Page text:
Can I look at a sunset without my internal monologue joining in to make note of the colors I see, or without the forty-five years of poetry that's come through my ears since I learned to talk? Sometimes. Mostly not, though, and that's a gift, not a curse, because a sheet of billowing orange and purple flame framed by the treeline only gets better when I can see it with more than just eyes registering the electromagnetic spectrum, and when I round a corner and the sky opens up from a closed-in stretch of road that I sometimes have to coast to a stop, flip open my visor, and just bask in an oh my that's enriched by having read William Blake and a personal history of watching the sun clear the limb of the earth, I am the beneficiary of a life of augmentation, writing and rewriting my own software daily.

So I augment with pleasure, waking at 4:30 in the morning to don my headphones and dance wildly in my dark apartment, lit by just the dim light of a string of Christmas lights with stars that slowly change color, to Lily Allen played with the volume so high that it drowns out my internal monologue and then my ability to process the room the clumsy tools of symbolic interpretation until everything goes psychedelic. So I augment without resistance when I'm driving home in my beat-up old farm truck from an oddly charged night at a rock and roll show with my gentleman caller, who, out of the blue, sidles up to me across the bench seat, tucks himself under my arm, and brings on an interior bout of James Joyce by way of Kate Bush by way of a thousand hours plugged into a Walkman, and my heart is going like mad, too, as I draw him down to me.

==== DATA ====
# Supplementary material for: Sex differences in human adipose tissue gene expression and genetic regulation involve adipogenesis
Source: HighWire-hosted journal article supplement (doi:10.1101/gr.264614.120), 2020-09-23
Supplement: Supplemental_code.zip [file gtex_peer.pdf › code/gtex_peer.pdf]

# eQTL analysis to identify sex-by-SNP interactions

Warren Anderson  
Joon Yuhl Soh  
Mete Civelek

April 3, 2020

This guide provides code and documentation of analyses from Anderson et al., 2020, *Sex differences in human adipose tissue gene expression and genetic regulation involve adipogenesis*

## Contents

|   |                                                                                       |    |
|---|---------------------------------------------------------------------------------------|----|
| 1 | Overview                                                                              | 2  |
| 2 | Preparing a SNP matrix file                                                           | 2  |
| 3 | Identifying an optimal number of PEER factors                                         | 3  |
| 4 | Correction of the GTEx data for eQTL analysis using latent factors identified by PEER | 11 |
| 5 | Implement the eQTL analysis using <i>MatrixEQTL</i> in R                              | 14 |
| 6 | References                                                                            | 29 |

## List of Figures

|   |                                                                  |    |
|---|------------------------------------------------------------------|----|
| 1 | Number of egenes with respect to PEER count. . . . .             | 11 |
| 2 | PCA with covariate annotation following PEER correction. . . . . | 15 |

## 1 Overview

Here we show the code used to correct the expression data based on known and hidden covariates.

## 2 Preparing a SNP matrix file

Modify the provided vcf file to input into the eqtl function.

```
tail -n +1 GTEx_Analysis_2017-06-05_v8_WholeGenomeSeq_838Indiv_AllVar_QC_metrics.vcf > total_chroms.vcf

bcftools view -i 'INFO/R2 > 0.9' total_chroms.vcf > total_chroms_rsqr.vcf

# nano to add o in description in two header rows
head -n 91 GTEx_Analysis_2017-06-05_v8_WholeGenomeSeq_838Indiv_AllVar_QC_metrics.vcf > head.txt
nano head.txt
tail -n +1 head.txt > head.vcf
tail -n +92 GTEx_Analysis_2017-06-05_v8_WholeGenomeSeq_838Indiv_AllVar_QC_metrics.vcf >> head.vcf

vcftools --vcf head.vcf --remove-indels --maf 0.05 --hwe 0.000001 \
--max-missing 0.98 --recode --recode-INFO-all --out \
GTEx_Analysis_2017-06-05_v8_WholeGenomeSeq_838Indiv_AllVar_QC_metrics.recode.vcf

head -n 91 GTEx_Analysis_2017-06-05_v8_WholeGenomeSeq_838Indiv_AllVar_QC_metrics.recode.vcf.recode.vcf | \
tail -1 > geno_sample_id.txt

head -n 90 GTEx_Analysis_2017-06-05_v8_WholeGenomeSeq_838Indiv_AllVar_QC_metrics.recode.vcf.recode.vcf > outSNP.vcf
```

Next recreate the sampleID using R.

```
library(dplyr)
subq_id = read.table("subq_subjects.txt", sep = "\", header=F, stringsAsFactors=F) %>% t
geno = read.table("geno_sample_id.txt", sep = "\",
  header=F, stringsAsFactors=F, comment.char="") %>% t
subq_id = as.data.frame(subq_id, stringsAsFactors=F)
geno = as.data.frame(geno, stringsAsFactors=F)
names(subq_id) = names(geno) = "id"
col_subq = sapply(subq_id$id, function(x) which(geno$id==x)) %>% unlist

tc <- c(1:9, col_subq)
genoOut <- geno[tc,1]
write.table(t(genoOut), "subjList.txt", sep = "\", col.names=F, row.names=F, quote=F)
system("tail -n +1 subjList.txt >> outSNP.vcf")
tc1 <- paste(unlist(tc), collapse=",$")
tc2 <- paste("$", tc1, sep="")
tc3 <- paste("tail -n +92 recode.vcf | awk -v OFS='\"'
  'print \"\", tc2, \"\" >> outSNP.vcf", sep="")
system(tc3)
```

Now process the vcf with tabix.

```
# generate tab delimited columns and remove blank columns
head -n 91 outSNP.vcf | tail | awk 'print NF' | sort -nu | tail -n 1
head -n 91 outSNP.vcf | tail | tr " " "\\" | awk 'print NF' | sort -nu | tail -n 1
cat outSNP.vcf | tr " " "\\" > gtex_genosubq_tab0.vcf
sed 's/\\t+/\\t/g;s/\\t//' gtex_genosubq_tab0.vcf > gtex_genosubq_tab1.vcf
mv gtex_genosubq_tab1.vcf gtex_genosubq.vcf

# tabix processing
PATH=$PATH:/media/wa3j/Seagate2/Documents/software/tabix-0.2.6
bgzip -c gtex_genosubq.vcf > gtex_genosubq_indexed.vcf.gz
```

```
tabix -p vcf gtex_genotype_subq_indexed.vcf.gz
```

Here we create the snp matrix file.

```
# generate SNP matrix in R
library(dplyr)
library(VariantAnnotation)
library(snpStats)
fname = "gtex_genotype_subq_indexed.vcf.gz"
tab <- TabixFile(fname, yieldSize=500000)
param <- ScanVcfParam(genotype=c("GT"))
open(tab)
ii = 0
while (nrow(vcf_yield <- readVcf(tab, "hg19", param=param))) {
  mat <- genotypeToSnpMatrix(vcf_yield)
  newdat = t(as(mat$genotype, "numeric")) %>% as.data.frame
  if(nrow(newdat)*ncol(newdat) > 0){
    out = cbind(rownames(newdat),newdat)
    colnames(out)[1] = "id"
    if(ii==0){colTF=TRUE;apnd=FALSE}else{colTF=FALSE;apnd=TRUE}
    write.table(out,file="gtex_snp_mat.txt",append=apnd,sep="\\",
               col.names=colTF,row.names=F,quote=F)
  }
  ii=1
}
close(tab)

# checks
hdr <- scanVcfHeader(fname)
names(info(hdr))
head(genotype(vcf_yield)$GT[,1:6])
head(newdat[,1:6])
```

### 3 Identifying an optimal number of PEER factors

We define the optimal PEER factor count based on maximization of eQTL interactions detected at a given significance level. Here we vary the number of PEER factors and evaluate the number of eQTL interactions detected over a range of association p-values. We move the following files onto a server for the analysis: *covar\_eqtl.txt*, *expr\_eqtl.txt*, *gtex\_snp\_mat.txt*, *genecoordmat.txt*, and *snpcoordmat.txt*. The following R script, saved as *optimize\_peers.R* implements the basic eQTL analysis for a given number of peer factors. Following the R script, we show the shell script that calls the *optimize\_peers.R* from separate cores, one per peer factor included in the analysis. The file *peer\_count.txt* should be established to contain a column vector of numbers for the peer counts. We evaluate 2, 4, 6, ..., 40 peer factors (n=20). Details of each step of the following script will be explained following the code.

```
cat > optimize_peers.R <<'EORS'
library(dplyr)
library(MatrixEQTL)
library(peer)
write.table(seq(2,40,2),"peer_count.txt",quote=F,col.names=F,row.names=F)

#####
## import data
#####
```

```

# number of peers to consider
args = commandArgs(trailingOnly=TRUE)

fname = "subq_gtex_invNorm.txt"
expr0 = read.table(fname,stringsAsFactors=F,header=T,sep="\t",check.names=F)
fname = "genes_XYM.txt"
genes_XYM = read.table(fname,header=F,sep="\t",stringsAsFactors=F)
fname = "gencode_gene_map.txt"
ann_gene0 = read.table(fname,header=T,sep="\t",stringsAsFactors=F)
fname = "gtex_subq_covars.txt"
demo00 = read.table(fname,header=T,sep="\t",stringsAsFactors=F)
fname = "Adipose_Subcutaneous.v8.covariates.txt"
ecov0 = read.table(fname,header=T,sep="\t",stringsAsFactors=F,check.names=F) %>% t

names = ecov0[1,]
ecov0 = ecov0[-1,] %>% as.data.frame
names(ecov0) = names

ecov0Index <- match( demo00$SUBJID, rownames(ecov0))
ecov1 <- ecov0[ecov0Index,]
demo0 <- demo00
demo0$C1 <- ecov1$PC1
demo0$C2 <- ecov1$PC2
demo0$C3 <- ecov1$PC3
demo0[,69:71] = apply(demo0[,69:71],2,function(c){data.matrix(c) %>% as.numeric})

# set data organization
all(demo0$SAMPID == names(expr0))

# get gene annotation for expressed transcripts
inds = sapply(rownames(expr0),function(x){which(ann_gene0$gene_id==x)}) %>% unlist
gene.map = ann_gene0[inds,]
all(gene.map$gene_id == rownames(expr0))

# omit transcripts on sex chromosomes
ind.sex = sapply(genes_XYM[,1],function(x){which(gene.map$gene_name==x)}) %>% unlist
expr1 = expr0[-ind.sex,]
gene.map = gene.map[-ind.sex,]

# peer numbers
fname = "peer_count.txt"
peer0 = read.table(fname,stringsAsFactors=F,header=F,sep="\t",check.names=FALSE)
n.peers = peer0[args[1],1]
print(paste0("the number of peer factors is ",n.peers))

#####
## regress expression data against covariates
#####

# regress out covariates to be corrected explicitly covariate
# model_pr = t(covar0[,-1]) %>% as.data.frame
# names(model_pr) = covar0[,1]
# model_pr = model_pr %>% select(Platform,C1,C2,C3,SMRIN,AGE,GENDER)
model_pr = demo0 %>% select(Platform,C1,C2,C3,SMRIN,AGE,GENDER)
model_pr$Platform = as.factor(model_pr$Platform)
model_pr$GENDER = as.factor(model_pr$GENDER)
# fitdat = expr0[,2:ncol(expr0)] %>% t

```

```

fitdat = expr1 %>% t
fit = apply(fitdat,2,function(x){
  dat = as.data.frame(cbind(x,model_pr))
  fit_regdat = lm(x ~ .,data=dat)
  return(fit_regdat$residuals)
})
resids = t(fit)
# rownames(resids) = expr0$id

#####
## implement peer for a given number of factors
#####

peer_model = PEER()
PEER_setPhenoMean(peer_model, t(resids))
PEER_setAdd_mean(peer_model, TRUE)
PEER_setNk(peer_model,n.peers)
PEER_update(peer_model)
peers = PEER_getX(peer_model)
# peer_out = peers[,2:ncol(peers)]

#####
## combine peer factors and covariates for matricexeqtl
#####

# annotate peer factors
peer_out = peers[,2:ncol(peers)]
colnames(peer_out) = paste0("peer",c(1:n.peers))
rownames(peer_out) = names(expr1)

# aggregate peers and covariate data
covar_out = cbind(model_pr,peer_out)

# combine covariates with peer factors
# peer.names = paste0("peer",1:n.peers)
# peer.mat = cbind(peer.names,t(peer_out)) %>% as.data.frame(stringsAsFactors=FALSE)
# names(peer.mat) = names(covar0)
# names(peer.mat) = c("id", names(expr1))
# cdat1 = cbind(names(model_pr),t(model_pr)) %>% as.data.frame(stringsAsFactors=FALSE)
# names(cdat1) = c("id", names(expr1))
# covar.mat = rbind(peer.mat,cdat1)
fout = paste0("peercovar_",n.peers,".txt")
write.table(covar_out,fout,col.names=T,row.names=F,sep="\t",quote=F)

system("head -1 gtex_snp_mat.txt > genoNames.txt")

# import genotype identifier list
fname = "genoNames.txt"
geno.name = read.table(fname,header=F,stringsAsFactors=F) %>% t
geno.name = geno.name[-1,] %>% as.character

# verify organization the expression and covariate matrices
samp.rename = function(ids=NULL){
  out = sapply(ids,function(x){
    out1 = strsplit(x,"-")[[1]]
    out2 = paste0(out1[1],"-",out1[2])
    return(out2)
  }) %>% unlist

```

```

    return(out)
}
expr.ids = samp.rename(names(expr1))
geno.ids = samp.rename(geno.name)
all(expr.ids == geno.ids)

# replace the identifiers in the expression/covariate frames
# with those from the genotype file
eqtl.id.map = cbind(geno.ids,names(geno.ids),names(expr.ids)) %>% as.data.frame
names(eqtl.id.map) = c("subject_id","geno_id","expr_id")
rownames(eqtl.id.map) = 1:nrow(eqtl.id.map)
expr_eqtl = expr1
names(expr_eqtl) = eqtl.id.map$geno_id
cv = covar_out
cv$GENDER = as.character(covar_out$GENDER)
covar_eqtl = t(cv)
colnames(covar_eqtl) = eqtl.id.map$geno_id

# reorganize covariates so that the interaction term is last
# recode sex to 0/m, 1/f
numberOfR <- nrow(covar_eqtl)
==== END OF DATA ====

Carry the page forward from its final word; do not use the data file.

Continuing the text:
So I augment with memory, and with devices that can access these things, and with language that stands a chance of breaking the divide between the profane and the divine, and these are all such very human things despite how new they seem, or how sudden the appearance is of a new manifestation of the carrier signal that we modulate to sing ourselves into being. We have always done this and we always will.